Giveaways vs. Turnovers: how to find value in an unreliable stat


Chicago Blackhawks defenceman Duncan Keith. (Kamil Krzaczynski/AP)

Not all statistics are created equal.

So-called “real time” stats like giveaways, hits, and blocked shots have come under fire in recent years due to their unreliable tracking and the fact they often tell you the opposite of what most people think they do. But I think the giveaway stat is the worst of all.

Since it’s defencemen who are criticized most for giveaways, let’s look at the leaders in the NHL this year in giveaways among blueliners and see what, if anything, that stat means.


What’s apparent when you look at the NHL’s leaders in giveaways is that, for the most part, that’s a list of great defencemen. There are varying styles of play in there, but overall there aren’t many defencemen in the top-20 who you would consider “bad” at the position.

This leads to the assumption that players who give the puck away a lot are simply those who play with it on their sticks more often than others, which is partially true, but I want to go a step further. The NHL’s giveaway stat isn’t just without context; I’d argue it’s completely inaccurate to the point of not mattering at all.

Hockey is a dynamic game, more than most people know. Take Brent Burns for example — he has handled the puck 2,186 separate times this season. If he had given away the puck just 38 times as the NHL suggests, it would mean he only gives the puck away on 1.7 per cent of his plays. If this were actually true, hockey would be a game of extremely long, dominant possessions instead of the rapidly back and forth chaos that we all know. The gap between the player who gives the puck away the most and the player who gives it away the least would be just 1.7 percentage points.

The better terminology we should focus on is turnovers; essentially any play a player makes that ends up with the opposition possessing the puck. Turnovers are a function of a few things: how often a player handles the puck, how much ice time a player gets, how good a team’s structure is to provide options to that player, how difficult the type of play a player makes is, and how good a player is at making those plays.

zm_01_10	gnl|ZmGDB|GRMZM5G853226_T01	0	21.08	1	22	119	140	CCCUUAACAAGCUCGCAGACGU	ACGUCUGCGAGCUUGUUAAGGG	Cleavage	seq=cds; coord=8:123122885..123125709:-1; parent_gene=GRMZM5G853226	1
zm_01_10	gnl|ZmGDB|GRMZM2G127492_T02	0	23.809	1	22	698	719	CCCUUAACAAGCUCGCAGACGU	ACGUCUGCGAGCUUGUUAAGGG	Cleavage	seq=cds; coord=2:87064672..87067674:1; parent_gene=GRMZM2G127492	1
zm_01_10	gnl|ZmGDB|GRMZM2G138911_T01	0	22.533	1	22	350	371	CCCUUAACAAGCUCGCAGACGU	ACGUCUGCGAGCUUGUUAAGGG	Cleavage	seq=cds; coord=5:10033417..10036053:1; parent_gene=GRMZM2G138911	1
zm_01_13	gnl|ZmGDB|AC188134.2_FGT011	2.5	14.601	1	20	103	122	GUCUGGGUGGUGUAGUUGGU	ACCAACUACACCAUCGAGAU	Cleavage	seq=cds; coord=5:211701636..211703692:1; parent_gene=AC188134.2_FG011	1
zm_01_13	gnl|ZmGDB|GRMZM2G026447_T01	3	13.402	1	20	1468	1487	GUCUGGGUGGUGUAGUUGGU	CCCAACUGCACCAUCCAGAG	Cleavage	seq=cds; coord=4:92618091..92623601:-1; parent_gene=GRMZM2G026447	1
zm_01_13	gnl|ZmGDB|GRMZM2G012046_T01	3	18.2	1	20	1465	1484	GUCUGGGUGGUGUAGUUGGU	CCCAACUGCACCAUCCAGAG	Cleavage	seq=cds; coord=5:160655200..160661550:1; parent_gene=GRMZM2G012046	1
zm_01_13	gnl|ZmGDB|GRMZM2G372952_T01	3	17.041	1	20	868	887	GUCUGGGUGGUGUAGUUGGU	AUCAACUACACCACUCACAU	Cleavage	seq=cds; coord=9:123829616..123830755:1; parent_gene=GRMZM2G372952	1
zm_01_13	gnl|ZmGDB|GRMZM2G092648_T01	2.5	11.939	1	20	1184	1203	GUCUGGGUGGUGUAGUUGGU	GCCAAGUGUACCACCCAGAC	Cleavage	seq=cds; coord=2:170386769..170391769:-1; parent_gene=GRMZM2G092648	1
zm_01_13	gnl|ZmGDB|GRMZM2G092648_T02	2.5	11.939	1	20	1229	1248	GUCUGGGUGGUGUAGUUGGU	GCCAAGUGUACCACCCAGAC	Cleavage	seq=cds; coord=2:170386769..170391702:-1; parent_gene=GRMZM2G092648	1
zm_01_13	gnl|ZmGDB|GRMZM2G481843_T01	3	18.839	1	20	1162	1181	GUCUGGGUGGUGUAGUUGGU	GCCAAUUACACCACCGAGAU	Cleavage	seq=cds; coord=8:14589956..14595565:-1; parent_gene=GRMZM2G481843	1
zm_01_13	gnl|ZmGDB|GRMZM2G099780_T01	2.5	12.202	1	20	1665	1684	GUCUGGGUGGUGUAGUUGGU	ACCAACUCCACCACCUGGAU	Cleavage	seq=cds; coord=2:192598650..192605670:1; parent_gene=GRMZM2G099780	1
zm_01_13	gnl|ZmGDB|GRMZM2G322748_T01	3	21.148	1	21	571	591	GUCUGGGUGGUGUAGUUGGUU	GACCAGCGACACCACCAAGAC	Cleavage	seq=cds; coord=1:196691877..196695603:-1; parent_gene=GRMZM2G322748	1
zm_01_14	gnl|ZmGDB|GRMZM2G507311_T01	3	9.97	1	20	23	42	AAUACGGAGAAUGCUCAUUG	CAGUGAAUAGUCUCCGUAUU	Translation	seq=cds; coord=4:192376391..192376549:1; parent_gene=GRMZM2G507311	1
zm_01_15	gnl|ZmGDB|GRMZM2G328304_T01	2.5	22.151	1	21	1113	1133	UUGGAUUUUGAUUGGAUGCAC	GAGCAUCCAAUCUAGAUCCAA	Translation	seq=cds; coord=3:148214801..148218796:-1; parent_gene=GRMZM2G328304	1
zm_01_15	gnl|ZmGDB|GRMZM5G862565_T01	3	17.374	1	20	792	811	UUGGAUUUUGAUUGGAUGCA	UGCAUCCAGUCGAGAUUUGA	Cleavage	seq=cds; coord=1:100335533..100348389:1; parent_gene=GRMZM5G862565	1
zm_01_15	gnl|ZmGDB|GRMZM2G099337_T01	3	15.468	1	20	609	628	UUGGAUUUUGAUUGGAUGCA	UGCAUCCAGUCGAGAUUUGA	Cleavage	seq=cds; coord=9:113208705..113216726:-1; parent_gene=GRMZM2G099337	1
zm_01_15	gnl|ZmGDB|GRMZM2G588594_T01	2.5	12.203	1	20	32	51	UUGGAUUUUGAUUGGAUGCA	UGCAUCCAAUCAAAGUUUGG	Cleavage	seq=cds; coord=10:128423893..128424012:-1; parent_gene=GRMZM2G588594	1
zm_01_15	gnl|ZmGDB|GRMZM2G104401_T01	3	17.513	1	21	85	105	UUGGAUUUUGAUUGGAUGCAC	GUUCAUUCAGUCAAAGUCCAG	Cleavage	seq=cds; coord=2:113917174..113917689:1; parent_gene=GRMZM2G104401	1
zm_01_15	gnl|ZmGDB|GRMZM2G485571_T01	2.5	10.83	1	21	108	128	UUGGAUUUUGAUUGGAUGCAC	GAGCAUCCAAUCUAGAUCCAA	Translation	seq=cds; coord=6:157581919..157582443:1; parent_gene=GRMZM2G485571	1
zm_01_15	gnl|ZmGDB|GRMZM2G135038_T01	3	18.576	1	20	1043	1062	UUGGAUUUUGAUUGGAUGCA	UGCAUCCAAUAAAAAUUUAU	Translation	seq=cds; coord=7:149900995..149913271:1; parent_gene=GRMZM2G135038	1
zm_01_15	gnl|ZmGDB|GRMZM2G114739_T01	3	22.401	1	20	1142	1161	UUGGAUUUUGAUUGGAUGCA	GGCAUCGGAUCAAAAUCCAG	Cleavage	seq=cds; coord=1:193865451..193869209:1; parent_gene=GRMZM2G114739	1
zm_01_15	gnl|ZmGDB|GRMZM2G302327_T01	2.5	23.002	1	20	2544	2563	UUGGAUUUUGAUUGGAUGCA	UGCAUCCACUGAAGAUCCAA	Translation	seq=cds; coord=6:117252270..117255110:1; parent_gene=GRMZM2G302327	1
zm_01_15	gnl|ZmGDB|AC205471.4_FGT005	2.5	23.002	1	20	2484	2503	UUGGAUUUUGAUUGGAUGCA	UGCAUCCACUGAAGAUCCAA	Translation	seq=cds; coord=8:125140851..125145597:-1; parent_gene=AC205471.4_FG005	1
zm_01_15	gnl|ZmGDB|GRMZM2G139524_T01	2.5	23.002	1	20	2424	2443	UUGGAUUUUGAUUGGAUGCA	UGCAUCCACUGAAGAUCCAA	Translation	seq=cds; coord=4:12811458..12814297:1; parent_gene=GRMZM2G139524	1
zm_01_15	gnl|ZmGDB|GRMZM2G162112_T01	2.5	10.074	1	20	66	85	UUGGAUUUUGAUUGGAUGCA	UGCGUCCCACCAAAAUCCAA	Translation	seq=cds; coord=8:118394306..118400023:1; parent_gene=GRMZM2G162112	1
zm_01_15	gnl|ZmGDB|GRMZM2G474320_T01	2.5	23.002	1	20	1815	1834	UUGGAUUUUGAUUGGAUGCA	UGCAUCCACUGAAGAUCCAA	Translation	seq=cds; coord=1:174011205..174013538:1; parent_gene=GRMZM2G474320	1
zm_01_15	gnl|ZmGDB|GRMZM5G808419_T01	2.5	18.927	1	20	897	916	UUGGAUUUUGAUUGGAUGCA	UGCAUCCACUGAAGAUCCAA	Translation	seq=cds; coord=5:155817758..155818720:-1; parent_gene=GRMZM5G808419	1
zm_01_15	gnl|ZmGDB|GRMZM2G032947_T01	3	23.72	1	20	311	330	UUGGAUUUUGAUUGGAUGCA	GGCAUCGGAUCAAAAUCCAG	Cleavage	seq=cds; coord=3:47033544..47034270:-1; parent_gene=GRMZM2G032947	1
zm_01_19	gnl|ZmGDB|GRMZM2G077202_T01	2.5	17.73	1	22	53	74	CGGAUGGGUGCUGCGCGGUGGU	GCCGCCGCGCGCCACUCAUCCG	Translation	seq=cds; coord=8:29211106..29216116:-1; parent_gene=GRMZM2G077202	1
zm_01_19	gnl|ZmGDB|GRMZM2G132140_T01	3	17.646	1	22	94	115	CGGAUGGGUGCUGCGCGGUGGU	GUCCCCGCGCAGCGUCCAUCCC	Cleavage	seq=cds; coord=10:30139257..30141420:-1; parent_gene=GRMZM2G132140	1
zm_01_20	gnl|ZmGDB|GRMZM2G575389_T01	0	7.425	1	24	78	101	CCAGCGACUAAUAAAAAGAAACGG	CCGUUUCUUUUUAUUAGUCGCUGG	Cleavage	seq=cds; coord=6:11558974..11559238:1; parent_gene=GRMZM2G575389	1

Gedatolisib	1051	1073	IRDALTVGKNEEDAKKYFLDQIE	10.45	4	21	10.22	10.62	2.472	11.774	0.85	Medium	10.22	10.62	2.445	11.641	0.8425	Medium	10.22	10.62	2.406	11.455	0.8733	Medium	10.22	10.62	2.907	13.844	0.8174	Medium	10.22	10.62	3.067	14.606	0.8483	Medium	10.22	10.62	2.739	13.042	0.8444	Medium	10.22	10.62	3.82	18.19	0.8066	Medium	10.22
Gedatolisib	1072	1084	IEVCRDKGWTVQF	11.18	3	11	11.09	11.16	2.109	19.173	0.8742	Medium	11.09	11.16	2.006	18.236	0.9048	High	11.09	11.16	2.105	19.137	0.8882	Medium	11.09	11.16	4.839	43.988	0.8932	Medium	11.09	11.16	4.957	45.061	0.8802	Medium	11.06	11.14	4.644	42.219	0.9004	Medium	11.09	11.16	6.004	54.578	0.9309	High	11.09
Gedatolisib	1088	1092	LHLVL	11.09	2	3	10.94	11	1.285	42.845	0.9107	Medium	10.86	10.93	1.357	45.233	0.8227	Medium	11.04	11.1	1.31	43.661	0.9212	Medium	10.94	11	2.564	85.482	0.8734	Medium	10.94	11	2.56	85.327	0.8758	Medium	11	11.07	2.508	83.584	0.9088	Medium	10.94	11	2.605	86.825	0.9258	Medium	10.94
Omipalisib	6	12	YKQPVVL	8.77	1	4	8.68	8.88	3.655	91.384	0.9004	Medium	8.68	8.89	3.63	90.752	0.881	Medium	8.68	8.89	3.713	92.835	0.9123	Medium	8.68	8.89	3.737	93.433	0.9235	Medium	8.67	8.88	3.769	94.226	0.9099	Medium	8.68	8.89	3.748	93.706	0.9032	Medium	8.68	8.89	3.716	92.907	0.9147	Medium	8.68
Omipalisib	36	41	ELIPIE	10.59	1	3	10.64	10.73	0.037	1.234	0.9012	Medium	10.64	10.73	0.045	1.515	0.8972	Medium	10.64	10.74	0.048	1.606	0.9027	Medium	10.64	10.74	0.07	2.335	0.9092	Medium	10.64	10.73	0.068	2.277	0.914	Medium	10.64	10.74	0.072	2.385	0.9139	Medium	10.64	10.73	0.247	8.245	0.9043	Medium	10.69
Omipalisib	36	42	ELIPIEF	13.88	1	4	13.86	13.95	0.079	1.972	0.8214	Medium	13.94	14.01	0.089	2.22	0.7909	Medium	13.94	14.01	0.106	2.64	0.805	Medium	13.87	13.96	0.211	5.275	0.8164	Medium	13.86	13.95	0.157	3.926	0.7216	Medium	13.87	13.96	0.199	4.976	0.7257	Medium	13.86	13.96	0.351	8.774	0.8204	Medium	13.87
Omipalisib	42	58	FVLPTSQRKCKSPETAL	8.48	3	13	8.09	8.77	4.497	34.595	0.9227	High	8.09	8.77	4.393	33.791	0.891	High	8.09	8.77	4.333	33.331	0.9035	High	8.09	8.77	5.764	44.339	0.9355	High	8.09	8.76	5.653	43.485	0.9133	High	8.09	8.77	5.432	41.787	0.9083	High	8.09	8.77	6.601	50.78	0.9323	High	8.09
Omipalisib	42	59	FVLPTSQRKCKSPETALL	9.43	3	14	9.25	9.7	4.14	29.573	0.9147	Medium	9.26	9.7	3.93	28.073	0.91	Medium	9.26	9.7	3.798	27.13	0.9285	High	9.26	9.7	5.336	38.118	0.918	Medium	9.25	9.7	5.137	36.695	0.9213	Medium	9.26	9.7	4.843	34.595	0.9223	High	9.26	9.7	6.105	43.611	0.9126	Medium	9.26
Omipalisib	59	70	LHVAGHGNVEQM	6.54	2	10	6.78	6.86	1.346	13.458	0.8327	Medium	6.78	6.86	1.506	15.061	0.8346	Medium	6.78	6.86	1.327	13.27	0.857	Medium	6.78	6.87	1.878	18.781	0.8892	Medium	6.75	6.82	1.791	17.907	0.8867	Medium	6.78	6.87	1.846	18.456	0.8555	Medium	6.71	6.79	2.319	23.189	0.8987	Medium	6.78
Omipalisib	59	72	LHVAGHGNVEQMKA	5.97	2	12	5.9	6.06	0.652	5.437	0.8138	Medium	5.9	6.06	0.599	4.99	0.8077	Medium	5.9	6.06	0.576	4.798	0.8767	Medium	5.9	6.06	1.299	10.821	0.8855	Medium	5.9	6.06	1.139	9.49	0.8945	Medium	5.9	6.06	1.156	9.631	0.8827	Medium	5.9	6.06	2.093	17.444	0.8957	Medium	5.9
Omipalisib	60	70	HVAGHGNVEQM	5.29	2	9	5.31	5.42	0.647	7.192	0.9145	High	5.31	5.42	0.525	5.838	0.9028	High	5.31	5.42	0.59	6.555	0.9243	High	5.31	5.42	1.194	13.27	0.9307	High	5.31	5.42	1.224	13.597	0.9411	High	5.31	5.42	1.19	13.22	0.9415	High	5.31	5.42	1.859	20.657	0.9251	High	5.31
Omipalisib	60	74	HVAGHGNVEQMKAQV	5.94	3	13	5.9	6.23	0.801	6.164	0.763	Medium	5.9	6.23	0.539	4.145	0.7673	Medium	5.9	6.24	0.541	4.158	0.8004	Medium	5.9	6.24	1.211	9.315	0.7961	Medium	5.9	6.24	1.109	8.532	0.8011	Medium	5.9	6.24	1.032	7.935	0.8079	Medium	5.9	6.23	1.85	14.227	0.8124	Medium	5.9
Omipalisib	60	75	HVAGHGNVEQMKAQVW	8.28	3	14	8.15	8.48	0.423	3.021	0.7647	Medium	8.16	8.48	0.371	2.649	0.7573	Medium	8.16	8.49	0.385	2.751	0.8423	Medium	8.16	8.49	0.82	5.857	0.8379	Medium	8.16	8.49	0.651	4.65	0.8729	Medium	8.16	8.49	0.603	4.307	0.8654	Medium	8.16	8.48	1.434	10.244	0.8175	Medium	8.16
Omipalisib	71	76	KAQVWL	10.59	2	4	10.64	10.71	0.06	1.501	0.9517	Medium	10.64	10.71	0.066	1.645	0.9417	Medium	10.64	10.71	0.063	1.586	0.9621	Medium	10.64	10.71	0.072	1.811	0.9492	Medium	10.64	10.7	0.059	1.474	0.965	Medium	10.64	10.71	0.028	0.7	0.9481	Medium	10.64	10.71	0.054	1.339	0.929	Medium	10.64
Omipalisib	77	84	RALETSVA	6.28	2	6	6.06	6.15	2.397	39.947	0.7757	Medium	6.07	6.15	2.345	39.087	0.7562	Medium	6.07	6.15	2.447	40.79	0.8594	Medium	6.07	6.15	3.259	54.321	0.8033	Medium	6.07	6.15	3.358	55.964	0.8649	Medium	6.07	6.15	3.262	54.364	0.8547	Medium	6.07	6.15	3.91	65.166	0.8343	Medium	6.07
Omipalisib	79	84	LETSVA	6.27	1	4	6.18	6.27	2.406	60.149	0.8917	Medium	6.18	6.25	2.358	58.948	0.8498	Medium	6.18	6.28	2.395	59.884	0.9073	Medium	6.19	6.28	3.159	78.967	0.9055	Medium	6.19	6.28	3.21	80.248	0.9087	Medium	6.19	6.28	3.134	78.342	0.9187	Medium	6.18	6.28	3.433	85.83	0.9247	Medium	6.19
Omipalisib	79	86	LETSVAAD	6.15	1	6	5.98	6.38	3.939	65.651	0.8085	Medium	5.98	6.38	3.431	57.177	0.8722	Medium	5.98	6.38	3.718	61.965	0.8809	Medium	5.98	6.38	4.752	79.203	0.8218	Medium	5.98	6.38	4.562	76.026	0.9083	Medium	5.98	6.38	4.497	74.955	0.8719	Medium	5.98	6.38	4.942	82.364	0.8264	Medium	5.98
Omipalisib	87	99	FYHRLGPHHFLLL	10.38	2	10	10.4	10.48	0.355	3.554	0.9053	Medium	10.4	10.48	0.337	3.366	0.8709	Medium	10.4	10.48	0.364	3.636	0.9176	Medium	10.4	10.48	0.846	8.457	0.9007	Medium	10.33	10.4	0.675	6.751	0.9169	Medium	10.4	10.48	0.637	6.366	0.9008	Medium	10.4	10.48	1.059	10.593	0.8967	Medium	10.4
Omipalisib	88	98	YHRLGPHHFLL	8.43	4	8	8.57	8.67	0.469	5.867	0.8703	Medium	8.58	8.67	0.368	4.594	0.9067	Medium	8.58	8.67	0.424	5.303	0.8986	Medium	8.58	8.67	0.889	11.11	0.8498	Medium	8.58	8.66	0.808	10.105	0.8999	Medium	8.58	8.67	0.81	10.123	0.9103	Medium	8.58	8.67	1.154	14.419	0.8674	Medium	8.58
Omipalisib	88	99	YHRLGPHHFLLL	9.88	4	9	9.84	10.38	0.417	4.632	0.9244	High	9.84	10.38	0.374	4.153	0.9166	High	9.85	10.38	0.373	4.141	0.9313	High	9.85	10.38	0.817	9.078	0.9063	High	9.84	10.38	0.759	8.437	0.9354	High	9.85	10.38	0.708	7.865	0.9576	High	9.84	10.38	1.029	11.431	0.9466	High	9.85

Using each player’s individual turnover rate without accounting for their teammates, combining it with how often they play the puck, we can find which players have turned the puck over the most this season.


As you can see, when we compare turnovers to giveaways, the sample size increases by about 20 times, which doesn’t just make more sense, it gives us a more reliable sample with which to determine value.

While Brent Burns and Dustin Byfuglien remain high on this list, most of the rest of it has changed. But what should we draw from this information? This list once again has a lot of great defencemen on it, and most importantly, they are defencemen who are heavily relied upon by their teams. Do the raw totals actually mean a player is risky?

In the future, adjusting for difficulty of plays players are making will be the next step forward, but right now the most informative thing you can do is adjust for a player’s team structure. If a player has a higher than average turnover rate, they aren’t necessarily a risky player if their team has poor structure. For example, the Maple Leafs’ Connor Carrick has a turnover rate of 33.1%, higher than the league average of 31.1%, but lower than the Leafs’ average of 34.3%. Is he a risky player? I would say no.

So if we adjust for team structure, the assumption should be that players with turnover rates better than team average should be good, skilled players, so how do the top-20 look?

(Carrick would sit at 1.2% on this chart)

There are a couple surprising names in there, mainly Justin Schultz, but the season is young and he is much improved in Pittsburgh. What’s important to note is that the players who stick out as safe with the puck are mostly big-minute eaters who are trusted by their teams. Ironically, some of these players show up in the NHL’s giveaway leaders, even though they turn the puck over far less than most.

Now what about the worst players?


With the exception of Hampus Lindholm, who is still getting up to speed after sitting out a good chunk of the season before signing a new contract, the worst defencemen for turnovers are mostly who you would expect. Rookies, veterans who are on the fringes of lineups, and immobile defencemen who struggle to move the puck.

These are the truly risky defencemen in the NHL, but they don’t end up on the NHL’s giveaway leaders list because they’re not trusted to play a lot, even when they do they’re not heavily involved with the play, and the way the statistic is recorded is unreliable.

So don’t read too much into the NHL’s giveaway stat because it can be misleading and isn’t representative of who the truly risky players are, versus the good defencemen who play a lot of minutes. To get value out of analyzing turnovers, you have to dig a little bit deeper.

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